One of Venezuela’s oldest newspapers was evicted from its own building Friday, after members of the National Guard, accompanied by a judge, executed a court order.
The Caracas offices of El Nacional were seized as part of a civil defamation case in which a court ordered the media outlet to pay more than US $13 million to Diosdado Cabello, a high-ranking official in Venezuela’s ruling Socialist Party and former president of the National Assembly.
Miguel Henrique Otero, the paper’s editor-in-chief who lives in exile in Madrid, Spain, compared the court order to “a robbery” and said it was proof that freedom of the press no longer exists in Venezuela.
In April, Venezuela’s Civil Cassation Chamber of the Supreme Court of Justice ordered El Nacional to pay damages to Cabello as part of a civil defamation complaint filed after the outlet republished an article by Spanish news outlet ABC.
Cabello has denied any links to drug trafficking.
Otero said the seizure was “worse than expropriation” — where a government takes ownership of a property for public benefit — because it did not involve any legal procedure.
Lawyers for El Nacional plan to appeal. Because the media group publishes only online, it is still able to produce news content.
"The value of the building has nothing to do with the compensation," Otero said, adding that he believes the damages are "an arbitrary figure” that is unjustified.
The journalist compared the case to when Venezuela expropriated the studios of Radio Caracas Televisión (RCTV) in 2007. The then government of Hugo Chavez refused to renew the broadcaster’s license and a court ordered the military to seize control of RCTV’s equipment and installations, Reuters reported at the time.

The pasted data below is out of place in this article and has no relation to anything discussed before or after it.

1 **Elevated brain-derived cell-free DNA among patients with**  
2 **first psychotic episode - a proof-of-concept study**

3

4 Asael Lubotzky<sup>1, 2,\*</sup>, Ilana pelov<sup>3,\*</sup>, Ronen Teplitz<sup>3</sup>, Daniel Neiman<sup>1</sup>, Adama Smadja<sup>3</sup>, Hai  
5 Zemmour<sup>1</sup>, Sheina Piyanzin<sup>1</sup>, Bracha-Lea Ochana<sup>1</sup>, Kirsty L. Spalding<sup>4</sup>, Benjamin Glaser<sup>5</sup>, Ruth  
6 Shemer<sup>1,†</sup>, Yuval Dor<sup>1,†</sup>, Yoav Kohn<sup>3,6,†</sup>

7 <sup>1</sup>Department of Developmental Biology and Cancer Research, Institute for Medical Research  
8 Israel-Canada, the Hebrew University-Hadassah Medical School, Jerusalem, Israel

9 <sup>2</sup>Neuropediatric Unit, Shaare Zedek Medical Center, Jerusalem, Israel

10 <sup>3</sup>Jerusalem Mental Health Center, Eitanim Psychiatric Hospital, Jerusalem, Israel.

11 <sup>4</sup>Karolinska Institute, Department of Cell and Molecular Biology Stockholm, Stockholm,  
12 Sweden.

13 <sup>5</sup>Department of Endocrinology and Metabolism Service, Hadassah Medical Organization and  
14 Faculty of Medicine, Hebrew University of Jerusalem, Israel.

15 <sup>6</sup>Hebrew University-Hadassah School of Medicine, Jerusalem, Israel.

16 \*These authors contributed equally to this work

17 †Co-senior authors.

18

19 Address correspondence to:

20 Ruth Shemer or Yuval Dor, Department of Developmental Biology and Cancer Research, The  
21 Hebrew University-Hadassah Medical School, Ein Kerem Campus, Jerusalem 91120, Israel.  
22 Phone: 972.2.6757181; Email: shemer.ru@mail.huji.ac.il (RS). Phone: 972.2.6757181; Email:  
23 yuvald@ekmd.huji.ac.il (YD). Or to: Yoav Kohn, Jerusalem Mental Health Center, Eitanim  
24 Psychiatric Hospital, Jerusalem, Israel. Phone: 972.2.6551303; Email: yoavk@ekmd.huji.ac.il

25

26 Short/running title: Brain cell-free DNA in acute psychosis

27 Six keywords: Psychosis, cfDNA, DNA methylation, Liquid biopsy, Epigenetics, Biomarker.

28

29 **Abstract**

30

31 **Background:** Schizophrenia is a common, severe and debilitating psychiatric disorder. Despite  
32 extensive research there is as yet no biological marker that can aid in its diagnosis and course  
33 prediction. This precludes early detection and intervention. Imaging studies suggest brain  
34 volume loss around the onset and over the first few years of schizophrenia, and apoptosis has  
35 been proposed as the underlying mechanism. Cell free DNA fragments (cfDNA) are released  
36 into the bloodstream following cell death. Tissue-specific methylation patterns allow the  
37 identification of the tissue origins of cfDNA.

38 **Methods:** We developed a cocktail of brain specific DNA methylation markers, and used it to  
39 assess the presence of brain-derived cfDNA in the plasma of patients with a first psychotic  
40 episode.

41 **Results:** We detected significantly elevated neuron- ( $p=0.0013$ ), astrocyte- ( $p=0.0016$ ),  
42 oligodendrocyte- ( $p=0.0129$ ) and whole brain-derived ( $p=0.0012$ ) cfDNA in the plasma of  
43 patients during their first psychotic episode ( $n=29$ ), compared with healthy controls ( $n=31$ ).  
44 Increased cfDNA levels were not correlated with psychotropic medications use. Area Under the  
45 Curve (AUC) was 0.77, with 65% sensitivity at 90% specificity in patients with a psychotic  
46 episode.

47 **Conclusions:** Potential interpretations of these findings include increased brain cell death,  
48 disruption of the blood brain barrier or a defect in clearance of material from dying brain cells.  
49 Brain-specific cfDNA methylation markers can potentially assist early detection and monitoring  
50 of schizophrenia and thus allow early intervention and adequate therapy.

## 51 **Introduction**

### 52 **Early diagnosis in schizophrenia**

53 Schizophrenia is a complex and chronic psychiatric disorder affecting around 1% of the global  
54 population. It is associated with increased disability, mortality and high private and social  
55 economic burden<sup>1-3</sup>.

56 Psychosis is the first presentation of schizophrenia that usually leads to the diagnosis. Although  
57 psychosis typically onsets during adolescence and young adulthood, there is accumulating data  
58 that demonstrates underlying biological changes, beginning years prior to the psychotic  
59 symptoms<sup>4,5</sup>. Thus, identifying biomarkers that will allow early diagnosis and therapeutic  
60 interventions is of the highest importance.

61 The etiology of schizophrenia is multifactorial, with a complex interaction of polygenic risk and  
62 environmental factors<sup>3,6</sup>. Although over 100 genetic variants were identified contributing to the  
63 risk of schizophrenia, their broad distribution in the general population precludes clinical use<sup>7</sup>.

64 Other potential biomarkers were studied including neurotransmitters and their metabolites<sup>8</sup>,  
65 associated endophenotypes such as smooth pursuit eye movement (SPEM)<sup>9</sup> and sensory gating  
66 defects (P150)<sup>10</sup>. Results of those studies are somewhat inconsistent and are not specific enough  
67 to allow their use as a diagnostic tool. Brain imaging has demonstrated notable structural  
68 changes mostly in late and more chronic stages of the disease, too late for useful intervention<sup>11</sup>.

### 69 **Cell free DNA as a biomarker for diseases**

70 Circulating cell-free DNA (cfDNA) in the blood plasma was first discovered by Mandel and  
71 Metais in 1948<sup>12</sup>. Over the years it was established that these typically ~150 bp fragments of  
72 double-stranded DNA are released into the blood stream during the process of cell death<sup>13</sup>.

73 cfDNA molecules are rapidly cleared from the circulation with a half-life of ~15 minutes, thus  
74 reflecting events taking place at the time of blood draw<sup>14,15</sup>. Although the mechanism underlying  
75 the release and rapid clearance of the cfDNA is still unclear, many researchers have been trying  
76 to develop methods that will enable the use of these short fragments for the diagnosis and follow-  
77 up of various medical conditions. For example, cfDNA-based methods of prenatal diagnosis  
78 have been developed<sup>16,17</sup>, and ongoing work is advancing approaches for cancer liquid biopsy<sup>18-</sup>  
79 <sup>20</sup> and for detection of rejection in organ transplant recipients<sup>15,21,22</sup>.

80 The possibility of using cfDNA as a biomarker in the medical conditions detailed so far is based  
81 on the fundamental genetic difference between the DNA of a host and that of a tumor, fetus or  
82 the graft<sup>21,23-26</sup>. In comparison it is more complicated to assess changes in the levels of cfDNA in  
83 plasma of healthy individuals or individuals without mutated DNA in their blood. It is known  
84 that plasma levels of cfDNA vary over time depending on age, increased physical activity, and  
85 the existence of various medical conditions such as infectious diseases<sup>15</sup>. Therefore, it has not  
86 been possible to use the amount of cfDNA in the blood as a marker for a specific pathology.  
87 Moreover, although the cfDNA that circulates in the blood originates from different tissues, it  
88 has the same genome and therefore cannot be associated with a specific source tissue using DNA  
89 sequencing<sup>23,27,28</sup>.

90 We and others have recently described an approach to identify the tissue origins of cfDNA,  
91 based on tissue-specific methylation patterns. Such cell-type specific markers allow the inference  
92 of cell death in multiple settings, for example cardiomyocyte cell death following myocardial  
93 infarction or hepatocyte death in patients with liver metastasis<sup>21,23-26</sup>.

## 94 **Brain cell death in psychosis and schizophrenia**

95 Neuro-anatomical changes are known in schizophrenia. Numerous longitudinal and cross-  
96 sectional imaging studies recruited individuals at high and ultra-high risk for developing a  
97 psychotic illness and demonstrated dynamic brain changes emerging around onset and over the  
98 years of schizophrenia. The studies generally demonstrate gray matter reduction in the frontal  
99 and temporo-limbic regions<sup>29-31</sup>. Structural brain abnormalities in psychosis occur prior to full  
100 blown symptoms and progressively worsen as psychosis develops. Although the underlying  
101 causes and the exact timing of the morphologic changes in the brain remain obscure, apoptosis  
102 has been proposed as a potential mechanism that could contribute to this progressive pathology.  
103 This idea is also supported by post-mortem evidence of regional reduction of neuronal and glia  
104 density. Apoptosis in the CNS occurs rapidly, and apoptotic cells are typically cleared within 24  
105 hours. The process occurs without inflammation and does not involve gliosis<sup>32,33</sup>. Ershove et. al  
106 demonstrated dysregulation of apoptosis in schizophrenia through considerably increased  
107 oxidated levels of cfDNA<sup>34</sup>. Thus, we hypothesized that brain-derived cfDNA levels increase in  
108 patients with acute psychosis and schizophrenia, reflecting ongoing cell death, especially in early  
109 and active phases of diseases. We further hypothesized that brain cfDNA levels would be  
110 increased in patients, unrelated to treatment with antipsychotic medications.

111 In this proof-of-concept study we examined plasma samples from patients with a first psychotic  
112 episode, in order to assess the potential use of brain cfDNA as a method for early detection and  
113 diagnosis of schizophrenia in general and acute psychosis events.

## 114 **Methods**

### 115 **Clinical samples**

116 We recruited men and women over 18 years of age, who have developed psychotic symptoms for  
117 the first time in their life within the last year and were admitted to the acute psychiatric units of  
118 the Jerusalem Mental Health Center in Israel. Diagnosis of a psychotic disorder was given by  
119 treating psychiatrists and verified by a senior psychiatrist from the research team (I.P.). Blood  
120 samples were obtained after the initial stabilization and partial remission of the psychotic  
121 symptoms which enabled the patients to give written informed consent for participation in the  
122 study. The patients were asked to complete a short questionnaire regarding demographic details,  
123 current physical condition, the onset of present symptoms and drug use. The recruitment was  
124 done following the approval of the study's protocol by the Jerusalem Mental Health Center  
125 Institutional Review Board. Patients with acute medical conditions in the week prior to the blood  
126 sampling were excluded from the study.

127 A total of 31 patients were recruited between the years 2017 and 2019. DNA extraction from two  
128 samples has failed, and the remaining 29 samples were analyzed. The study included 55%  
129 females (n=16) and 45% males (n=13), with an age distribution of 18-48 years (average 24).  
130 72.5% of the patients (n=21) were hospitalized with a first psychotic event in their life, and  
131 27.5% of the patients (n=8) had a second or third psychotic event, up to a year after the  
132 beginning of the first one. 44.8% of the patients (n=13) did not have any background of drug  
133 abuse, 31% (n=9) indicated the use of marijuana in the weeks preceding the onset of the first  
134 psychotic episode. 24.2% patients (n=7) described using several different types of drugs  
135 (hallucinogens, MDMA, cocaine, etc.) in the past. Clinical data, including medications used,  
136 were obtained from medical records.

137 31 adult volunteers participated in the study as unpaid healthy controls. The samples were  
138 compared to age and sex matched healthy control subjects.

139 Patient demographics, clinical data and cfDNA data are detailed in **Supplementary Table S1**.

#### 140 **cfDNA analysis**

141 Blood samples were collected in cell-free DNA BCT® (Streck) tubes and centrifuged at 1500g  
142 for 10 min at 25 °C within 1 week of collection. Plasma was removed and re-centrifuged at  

RCTV was replaced by the state-run TVES television channel, but in El Nacional’s case, Otero said, his building was turned over to Cabello. “They make him a millionaire,” he said.
Cabello was cited on May 12 as saying on Twitter that the El Nacional building is not for the Venezuela government, and demanded that Otero pay the damages ordered by the court. “You can pay me in cash, or by check (with verified funds) I’ll use the money to buy vaccines. If not, I will have to seize your properties,” Cabello was cited as saying.
The lawmaker said that he intends to use the building for a university of communications.
"The U.S. and media rights groups have condemned the actions against El Nacional.
Julie Chung, acting assistant secretary for the U.S. State Department’s bureau of Western Hemisphere Affairs, said on Twitter, “The raid on [El Nacional] is not against a building or property, but against freedom of the press. This responsibility for this violation falls directly on the regime.”
The New York-based Committee to Protect Journalists (CPJ) described the court order as “the latest step in a long and arbitrary process of judicial harassment and abuses” against El Nacional for its reporting on corruption.
“By taking control of the headquarters of one of the most influential outlets in the country, Venezuelan authorities have shown they will go to extraordinary lengths to suppress independent news,” Natalie Southwick, who heads CPJ’s South and Central America program said in a statement.
Venezuela has a poor press freedom record, scoring 148 out of 180 counties, where 1 is the most free, according to an annual index compiled by Reporters Without Borders (RSF). The media watchdog cites harassment of independent media, arbitrary arrests and a “tense climate” that has led many journalists to flee.
Founded in 1943, El Nacional is one of Venezuela’s oldest newspapers. Under Nicolás Maduro’s government, it has faced obstacles to its reporting, including administration officials who refuse to speak to its staff, government advertising being pulled, and a shortage of paper forcing the daily to eventually move online.
As part of the Cabello lawsuit, a court in 2015 imposed a travel ban on Otero and around 20 other journalists, staff and shareholders at the paper, according to the CPJ.
Otero told VOA that the newspaper's archives "are outside" of the building. Venezuelan analysts, intellectuals and journalists say that with nearly 80 years’ history, El Nacional has one of the largest and more complete archives in the country.
This article originated in VOA’s Spanish-language division.